WASHINGTON, D.C.—The U.S. Agency for International Development (USAID) provided inaccurate location data for nearly two dozen health facilities in the western Afghan province of Herat, placing the hospitals at risk of suffering the same deadly fate as the Doctors Without Borders medical center, a watchdog agency appointed by Congress found.
John Sopko, the Special Inspector General for Afghanistan Reconstruction (SIGAR), found “substantial inaccuracies” in the GPS coordinates USAID provided for 23 of the 63 healthcare facilities it maintains in Herat.
“The recent destruction of the Doctors Without Borders hospital in a battle with the Taliban in Kunduz dramatizes the importance of having accurate GPS coordinates for healthcare facilities,” notes Sopko in an Oct. 20 letter to USAID, referring to the accidental U.S. military bombing of a health center in Afghanistan that killed at least 30 doctors and patients on Oct. 3.
Site inspections conducted by SIGAR revealed that the location of the 23 facilities were up to 6 miles from the GPS coordinates provided by USAID—seven were more than three miles from the coordinates and 16 that were located less than three miles from the provided location data.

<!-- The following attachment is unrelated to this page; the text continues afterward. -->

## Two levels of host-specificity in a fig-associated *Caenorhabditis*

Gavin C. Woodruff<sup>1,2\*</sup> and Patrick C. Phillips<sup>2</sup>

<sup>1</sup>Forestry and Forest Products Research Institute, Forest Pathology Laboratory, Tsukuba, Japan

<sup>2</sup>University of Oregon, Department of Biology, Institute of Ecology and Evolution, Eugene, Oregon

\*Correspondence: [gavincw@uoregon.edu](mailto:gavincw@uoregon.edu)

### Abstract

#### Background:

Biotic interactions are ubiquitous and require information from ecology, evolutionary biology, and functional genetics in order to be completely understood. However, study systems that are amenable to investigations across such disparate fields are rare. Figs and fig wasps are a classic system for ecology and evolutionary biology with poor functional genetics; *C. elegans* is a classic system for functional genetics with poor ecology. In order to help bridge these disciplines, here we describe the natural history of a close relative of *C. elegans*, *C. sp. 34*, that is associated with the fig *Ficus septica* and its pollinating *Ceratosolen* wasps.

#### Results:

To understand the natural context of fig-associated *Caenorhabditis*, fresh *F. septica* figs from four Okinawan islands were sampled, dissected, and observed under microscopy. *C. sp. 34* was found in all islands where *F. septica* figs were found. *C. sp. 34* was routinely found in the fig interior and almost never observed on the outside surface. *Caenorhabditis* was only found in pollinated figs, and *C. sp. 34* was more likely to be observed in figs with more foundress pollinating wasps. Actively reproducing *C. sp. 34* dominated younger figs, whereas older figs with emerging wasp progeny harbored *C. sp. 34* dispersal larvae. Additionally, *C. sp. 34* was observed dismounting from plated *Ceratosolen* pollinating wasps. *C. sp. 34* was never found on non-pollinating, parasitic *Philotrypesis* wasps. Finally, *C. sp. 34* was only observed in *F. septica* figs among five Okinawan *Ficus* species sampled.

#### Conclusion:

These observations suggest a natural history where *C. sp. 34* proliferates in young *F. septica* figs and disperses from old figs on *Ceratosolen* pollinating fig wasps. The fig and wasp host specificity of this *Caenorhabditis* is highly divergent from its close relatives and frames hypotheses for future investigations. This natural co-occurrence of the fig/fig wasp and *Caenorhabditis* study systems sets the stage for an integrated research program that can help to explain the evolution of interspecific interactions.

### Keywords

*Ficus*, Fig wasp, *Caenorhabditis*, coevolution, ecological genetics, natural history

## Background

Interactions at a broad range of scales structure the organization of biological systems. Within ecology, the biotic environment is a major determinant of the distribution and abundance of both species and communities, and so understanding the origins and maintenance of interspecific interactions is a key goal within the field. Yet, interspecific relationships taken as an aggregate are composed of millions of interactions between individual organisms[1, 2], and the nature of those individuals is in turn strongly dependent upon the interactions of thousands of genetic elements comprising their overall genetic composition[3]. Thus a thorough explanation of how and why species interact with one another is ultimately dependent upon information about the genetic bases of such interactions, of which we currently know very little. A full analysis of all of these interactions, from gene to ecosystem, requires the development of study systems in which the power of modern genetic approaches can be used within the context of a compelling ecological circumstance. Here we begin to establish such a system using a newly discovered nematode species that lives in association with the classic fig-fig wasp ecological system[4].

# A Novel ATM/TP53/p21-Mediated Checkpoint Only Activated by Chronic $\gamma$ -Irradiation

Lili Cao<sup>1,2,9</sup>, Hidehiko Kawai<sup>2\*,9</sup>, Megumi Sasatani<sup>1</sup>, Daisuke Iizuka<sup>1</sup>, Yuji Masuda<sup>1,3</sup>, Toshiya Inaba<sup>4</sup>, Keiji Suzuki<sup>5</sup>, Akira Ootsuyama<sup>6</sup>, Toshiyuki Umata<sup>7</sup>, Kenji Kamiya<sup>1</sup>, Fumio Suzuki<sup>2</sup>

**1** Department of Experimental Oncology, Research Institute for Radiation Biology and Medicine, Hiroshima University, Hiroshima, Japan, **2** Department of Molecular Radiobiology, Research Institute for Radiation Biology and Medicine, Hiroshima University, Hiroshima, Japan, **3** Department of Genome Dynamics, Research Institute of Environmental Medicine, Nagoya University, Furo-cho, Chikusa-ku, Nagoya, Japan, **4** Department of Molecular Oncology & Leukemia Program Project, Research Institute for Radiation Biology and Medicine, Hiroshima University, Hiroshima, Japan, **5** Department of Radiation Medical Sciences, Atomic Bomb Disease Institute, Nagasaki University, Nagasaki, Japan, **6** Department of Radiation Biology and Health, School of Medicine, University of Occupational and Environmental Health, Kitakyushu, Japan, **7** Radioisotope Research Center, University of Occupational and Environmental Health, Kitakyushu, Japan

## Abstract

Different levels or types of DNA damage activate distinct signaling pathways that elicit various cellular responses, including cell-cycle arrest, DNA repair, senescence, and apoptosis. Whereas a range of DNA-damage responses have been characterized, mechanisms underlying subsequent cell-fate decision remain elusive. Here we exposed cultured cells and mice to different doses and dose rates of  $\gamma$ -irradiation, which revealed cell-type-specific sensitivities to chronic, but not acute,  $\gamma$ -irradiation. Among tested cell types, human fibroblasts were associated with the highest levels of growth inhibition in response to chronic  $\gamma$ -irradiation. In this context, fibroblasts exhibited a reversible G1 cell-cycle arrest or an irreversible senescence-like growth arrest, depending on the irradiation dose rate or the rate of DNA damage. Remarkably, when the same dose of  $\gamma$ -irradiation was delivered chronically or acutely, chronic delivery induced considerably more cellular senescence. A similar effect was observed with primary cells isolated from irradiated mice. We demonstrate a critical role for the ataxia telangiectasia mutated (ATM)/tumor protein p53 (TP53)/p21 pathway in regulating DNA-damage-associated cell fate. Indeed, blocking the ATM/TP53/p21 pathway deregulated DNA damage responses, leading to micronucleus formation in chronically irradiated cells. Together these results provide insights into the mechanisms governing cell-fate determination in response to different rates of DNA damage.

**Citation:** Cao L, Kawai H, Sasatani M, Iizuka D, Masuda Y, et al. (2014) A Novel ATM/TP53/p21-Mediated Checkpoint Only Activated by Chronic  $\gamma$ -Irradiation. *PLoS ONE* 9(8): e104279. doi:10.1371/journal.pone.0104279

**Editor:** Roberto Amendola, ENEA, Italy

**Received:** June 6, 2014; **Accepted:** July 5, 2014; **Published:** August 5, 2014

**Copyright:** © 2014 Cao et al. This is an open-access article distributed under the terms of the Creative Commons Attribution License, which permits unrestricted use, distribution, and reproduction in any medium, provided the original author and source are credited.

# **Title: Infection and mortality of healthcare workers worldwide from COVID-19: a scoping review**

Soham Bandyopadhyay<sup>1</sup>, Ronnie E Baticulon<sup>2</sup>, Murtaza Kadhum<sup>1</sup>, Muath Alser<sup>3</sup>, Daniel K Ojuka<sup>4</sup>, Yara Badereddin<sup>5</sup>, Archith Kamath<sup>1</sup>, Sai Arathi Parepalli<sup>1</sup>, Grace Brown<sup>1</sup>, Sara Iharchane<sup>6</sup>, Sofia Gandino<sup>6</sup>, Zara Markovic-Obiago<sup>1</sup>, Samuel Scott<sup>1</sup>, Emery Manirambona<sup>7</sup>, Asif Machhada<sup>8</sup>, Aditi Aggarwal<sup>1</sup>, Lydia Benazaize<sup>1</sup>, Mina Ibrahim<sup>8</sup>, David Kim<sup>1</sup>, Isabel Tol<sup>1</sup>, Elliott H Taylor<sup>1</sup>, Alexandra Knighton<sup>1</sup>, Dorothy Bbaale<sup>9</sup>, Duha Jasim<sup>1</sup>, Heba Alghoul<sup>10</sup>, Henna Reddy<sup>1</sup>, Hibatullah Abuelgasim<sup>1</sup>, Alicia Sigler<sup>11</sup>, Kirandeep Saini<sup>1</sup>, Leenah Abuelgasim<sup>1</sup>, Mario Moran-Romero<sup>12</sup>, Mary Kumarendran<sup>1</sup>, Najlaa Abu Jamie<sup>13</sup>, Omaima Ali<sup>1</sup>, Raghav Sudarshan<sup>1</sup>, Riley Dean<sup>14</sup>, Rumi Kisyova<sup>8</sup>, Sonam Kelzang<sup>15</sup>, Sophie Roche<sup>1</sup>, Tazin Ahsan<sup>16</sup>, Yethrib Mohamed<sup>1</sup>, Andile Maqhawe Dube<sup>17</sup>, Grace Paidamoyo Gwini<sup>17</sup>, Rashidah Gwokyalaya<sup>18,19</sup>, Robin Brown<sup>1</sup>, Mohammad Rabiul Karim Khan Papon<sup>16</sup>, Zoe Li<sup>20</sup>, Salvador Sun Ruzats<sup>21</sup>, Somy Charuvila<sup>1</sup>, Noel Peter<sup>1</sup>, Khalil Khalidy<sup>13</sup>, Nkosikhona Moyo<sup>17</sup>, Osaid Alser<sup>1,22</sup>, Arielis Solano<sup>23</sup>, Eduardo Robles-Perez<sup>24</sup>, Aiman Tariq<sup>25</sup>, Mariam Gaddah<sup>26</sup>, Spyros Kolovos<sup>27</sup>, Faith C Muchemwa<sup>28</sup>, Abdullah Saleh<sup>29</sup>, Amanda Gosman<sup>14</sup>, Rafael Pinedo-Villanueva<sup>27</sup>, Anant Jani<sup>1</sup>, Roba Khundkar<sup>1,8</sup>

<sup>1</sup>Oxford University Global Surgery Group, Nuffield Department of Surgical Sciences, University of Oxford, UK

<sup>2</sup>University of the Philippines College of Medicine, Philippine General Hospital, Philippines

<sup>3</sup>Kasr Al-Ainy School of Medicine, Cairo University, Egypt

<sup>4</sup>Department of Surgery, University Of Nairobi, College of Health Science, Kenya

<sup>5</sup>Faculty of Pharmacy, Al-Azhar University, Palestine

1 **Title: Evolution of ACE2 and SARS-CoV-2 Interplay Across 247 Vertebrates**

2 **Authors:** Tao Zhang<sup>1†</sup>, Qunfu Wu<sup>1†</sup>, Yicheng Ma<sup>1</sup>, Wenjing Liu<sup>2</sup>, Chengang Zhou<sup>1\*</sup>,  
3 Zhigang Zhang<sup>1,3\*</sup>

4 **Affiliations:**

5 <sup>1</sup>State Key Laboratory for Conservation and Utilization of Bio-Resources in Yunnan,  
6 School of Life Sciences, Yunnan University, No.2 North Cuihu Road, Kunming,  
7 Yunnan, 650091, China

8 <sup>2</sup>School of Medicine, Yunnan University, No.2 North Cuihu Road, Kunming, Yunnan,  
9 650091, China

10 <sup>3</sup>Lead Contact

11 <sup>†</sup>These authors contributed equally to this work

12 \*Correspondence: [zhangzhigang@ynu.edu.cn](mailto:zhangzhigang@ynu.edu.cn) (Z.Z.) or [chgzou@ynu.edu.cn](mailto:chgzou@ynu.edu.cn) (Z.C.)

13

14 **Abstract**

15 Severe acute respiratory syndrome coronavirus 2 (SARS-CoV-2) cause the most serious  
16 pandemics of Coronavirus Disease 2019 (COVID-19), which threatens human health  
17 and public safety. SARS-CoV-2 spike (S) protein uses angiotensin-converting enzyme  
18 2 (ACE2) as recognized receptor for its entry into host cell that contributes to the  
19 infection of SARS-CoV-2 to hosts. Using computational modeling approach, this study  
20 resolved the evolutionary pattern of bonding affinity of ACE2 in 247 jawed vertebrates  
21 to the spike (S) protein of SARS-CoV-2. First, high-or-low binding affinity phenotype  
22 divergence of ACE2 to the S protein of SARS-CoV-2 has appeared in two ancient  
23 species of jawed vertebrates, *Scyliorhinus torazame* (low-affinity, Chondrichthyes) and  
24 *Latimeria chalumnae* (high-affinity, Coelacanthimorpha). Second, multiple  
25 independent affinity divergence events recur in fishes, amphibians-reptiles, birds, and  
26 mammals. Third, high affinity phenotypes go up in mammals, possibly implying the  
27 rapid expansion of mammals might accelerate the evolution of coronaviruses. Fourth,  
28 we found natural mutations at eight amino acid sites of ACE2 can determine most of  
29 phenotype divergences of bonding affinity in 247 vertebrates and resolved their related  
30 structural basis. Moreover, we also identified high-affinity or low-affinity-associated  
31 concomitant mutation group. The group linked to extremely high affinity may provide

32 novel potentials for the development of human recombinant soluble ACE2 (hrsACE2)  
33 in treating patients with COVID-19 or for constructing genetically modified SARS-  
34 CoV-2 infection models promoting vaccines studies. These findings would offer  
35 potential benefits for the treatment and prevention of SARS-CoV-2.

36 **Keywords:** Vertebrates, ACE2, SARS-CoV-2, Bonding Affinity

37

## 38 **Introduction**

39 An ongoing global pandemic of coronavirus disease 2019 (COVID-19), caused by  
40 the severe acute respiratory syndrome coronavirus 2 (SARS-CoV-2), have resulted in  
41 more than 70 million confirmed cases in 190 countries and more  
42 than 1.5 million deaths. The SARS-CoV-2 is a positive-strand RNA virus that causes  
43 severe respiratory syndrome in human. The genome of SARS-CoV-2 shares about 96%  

Of the remaining 40 USAID-supported medical centers in Herat, SIGAR could only determine that 19 actually existed.
“USAID’s $259.6 million Partnership Contracts for Health (PCH) program began in July 2008 and ended in June 2015. The program provided funding for approximately 600 health facilities in Afghan provinces, including 63 in Herat province,” explains Sopko in the letter. “As you know, a key component of the PCH program in Herat was the use of detailed geospatial location information—in the form of global positioning system [GPS] coordinates—to ensure health facilities were in the appropriate locations and providing the local population with needed health services.”
“Immediately following the conclusion of the PCH program, USAID began providing funding to support the same health facilities through the World Bank-administered System Enhancement for Health Action in Transition (SEHAT) program which is scheduled to run through June 2018,” it adds.
SIGAR site inspections also discovered that at least 16 facilities disposed of medical waste in open-air kins, potentially exposing the public to the toxic material.
“This method of unsecured disposal does not adhere to best practices and raises the risk that patients seeking treatment—or children we observed playing outside at several facilities—could be accidentally exposed to contaminated waste,” declares Sopko.
“Inadequate or sporadic access to electricity, water, or needed pharmaceuticals at several locations raises concerns that USAID is paying for services that the implementing partner is not providing,” concluded SIGAR. “We encourage USAID to take action to ensure that all of the health facilities it supports in Herat are operating with the utilities and pharmaceutical stores necessary to provide the intended level of health services to the target population.”